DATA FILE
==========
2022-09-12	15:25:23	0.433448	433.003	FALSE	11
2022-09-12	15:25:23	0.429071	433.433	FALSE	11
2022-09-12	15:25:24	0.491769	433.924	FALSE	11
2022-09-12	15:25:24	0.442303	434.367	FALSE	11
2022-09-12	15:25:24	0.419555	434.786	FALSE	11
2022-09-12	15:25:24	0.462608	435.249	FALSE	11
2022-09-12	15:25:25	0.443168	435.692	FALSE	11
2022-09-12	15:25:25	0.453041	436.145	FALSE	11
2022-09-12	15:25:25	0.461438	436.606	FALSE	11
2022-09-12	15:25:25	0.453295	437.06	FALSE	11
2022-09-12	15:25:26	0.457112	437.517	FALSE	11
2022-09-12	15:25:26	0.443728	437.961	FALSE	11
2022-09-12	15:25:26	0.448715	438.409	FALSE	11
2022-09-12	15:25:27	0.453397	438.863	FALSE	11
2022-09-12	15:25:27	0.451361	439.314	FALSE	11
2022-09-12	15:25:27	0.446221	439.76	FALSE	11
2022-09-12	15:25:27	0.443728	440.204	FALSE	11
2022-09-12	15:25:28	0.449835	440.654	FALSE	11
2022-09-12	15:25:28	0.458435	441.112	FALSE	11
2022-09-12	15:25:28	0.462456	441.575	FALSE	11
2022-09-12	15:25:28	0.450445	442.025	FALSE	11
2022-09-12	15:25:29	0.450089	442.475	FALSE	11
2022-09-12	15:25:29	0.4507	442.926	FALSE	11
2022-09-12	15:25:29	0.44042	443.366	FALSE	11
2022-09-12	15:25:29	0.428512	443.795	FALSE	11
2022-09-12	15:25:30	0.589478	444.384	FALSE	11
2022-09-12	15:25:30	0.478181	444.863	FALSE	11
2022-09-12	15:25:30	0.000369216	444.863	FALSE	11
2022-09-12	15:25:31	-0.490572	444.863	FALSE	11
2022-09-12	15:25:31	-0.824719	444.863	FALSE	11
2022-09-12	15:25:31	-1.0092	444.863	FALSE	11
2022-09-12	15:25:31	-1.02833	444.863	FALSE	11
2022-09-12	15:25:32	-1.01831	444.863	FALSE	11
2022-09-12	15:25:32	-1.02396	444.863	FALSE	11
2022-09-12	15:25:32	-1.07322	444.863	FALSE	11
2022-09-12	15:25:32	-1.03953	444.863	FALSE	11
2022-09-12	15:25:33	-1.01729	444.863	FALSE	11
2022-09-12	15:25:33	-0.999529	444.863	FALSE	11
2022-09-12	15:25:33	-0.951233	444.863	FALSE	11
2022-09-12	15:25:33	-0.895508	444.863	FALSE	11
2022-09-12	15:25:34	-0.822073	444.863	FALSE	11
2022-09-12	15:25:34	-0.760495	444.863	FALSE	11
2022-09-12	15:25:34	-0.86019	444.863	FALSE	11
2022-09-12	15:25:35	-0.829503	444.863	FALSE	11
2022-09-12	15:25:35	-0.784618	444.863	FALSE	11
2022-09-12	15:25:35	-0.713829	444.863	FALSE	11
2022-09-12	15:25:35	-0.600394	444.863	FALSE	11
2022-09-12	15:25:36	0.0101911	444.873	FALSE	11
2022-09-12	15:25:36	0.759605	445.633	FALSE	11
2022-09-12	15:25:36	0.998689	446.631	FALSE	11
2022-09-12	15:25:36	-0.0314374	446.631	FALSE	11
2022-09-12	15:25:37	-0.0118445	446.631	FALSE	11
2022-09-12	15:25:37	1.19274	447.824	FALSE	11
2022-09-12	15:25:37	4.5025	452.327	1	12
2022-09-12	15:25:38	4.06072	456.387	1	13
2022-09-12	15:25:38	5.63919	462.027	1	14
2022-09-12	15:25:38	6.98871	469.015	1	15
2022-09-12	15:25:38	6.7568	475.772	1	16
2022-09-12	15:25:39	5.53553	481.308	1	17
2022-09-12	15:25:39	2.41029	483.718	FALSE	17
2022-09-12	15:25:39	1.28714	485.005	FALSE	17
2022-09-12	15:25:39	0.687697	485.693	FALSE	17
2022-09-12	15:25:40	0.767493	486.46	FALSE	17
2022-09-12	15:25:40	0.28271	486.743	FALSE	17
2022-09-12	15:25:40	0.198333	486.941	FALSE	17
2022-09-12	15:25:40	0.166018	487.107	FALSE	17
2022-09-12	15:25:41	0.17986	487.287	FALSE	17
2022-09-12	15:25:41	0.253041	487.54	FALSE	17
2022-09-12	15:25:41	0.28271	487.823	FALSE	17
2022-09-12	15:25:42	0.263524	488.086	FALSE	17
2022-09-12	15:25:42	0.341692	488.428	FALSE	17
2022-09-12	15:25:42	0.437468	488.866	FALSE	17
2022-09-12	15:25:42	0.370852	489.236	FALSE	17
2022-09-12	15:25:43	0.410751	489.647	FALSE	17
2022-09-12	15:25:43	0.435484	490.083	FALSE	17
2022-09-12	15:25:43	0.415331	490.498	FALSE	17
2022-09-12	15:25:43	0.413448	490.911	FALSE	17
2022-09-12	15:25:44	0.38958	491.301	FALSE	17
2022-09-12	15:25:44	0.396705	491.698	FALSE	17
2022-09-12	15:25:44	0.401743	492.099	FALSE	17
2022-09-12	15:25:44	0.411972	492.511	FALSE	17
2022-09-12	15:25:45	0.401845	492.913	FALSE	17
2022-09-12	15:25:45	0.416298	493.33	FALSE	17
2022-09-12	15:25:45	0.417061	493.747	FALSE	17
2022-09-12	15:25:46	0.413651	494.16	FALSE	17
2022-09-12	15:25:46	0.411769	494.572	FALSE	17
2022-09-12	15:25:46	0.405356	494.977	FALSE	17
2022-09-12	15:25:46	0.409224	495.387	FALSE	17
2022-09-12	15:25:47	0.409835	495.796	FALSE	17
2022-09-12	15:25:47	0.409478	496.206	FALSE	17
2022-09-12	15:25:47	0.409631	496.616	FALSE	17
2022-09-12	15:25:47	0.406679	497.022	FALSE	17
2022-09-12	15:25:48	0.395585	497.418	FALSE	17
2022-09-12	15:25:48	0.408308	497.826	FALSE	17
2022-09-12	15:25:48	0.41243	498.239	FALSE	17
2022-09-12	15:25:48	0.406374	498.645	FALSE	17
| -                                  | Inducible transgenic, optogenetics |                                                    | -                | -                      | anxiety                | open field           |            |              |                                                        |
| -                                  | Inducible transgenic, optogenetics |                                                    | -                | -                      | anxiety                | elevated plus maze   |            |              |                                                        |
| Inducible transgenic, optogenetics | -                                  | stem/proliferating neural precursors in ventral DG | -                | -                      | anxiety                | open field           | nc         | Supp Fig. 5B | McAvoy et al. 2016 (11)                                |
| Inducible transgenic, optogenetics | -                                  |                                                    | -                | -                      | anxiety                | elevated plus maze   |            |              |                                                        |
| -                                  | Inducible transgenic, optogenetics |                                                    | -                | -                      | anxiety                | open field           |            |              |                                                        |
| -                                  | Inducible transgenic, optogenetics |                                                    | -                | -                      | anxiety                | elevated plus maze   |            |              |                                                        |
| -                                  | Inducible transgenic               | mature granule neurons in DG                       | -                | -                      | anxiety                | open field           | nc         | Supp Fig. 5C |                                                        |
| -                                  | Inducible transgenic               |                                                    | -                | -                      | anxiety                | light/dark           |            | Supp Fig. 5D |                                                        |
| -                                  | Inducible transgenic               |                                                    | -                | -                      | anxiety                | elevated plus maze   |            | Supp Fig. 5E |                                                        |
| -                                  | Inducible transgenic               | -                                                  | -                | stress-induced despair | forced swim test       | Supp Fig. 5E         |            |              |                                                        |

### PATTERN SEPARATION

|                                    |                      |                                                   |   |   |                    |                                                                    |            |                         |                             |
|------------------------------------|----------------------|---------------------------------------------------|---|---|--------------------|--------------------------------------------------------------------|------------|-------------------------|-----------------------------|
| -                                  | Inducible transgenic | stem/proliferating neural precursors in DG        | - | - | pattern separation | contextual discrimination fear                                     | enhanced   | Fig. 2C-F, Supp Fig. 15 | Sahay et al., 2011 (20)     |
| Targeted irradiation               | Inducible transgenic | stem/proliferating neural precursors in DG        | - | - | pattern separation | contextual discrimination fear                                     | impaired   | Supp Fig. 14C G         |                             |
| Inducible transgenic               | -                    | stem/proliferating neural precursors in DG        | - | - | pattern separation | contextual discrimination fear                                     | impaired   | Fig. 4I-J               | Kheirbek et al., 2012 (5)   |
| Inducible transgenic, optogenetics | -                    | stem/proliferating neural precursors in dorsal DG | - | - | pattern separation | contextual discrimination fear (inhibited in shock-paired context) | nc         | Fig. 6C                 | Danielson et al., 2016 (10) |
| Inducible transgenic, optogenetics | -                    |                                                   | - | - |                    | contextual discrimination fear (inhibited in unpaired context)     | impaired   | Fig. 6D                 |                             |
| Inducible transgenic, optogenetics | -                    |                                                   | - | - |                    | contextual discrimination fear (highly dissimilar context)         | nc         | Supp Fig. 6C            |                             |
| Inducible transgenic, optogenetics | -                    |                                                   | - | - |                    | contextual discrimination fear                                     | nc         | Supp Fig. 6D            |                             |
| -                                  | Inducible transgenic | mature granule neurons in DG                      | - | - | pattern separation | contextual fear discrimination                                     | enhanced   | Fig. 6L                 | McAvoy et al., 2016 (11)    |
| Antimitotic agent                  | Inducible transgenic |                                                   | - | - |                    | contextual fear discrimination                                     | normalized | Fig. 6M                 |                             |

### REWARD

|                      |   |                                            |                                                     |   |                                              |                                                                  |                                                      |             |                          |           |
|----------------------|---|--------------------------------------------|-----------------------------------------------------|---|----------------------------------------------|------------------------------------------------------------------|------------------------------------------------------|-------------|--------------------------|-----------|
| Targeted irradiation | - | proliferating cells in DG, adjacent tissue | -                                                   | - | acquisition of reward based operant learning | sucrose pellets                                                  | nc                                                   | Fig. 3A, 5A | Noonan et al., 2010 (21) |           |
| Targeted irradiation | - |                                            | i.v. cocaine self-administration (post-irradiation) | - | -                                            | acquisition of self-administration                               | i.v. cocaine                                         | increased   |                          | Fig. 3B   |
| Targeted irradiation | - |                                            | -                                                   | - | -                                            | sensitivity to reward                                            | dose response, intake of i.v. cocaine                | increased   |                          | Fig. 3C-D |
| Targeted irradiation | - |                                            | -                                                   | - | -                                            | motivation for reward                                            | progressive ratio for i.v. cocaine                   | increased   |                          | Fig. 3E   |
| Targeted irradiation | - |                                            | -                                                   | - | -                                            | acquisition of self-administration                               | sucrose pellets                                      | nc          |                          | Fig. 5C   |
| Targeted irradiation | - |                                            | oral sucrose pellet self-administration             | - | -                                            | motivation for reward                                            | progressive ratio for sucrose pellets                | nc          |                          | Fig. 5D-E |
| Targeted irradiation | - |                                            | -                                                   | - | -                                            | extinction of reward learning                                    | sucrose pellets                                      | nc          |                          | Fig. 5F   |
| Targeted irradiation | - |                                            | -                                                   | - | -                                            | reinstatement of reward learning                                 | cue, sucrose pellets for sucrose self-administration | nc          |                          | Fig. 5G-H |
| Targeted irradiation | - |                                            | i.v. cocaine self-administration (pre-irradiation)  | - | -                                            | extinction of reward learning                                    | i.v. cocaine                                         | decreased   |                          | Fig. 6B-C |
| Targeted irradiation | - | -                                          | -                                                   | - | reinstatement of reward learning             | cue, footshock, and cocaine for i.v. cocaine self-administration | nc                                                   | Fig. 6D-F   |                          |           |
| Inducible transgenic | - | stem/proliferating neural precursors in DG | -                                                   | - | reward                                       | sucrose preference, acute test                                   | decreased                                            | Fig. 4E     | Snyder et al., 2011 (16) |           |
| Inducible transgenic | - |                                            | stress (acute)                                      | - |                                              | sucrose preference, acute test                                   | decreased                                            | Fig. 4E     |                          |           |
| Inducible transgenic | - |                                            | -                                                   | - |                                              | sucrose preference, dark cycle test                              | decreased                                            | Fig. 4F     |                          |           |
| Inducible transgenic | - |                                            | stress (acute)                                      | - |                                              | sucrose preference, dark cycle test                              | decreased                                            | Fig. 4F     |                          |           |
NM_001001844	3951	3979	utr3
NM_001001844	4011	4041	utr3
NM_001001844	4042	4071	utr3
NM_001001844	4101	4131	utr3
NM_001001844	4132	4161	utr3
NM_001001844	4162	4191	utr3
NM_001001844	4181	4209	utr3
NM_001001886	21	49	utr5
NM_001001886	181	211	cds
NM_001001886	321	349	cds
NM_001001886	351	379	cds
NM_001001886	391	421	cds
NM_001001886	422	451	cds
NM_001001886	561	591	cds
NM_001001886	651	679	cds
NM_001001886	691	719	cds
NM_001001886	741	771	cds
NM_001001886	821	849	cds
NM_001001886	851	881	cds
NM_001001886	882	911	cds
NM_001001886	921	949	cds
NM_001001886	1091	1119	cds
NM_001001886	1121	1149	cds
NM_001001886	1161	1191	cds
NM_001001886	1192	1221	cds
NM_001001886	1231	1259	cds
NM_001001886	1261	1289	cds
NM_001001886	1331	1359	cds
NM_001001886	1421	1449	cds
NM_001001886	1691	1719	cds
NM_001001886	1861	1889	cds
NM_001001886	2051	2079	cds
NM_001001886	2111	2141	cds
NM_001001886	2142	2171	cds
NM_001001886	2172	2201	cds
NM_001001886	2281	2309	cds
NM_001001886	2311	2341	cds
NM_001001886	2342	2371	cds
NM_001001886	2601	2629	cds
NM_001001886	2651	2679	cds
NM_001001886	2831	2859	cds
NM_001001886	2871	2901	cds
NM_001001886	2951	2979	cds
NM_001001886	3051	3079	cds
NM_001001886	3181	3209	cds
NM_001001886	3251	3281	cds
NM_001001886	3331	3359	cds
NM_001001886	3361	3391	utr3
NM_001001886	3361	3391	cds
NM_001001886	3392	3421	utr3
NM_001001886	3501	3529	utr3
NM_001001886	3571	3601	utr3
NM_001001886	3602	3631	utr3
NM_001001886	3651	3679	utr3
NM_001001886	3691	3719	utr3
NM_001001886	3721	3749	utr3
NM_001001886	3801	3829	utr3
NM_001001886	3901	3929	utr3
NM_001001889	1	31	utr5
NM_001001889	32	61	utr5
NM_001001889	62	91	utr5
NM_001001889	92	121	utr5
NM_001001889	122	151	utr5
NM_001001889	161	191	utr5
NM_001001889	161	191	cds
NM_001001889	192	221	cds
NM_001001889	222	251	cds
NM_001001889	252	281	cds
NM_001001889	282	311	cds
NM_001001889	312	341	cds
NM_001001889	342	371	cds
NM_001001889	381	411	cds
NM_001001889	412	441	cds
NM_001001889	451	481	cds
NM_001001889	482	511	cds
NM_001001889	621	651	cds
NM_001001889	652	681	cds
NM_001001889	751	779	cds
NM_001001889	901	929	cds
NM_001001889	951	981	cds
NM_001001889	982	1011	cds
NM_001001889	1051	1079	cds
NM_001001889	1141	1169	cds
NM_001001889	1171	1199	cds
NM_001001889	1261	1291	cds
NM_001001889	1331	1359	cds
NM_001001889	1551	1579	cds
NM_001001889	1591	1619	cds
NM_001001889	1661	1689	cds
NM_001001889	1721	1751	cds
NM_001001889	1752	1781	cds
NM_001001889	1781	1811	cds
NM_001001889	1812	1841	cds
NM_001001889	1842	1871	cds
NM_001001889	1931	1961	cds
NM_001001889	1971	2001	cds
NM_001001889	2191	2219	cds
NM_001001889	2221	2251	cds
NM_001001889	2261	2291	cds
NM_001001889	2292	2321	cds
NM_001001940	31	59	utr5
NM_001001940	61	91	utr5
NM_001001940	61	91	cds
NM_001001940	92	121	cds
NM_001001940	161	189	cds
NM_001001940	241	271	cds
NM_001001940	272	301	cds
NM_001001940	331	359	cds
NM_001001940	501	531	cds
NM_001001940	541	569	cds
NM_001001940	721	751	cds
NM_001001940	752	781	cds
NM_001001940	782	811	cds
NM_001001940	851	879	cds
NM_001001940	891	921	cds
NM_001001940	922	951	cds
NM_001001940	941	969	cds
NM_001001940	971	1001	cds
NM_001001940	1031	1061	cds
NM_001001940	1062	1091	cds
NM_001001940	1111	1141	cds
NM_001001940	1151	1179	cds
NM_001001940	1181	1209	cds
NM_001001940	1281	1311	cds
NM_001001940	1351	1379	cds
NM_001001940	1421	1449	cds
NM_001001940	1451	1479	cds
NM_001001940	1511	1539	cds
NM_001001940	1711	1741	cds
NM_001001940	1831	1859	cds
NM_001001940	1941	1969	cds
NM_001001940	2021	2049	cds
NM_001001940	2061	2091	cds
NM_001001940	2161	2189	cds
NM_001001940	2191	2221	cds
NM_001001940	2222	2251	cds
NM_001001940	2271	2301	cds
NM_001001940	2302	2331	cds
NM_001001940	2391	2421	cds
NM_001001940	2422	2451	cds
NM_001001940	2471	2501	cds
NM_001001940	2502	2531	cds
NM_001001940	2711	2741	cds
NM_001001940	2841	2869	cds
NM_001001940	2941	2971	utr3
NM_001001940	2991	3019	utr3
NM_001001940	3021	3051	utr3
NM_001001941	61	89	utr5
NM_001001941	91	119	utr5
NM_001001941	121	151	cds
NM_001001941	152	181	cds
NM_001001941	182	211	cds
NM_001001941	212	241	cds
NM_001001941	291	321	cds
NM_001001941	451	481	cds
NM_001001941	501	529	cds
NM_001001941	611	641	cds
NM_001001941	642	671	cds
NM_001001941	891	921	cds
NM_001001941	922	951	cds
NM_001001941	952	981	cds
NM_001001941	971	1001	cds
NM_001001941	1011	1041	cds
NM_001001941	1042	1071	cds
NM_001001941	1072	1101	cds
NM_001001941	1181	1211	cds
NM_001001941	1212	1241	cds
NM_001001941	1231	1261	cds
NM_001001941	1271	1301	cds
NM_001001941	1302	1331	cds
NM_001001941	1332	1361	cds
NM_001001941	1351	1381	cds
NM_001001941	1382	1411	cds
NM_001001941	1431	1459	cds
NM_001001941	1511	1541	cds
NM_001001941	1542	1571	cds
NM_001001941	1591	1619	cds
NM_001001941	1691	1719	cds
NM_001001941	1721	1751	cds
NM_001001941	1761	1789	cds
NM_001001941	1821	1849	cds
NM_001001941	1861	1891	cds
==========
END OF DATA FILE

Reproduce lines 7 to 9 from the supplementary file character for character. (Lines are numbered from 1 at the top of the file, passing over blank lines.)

2022-09-12	15:25:25	0.443168	435.692	FALSE	11
2022-09-12	15:25:25	0.453041	436.145	FALSE	11
2022-09-12	15:25:25	0.461438	436.606	FALSE	11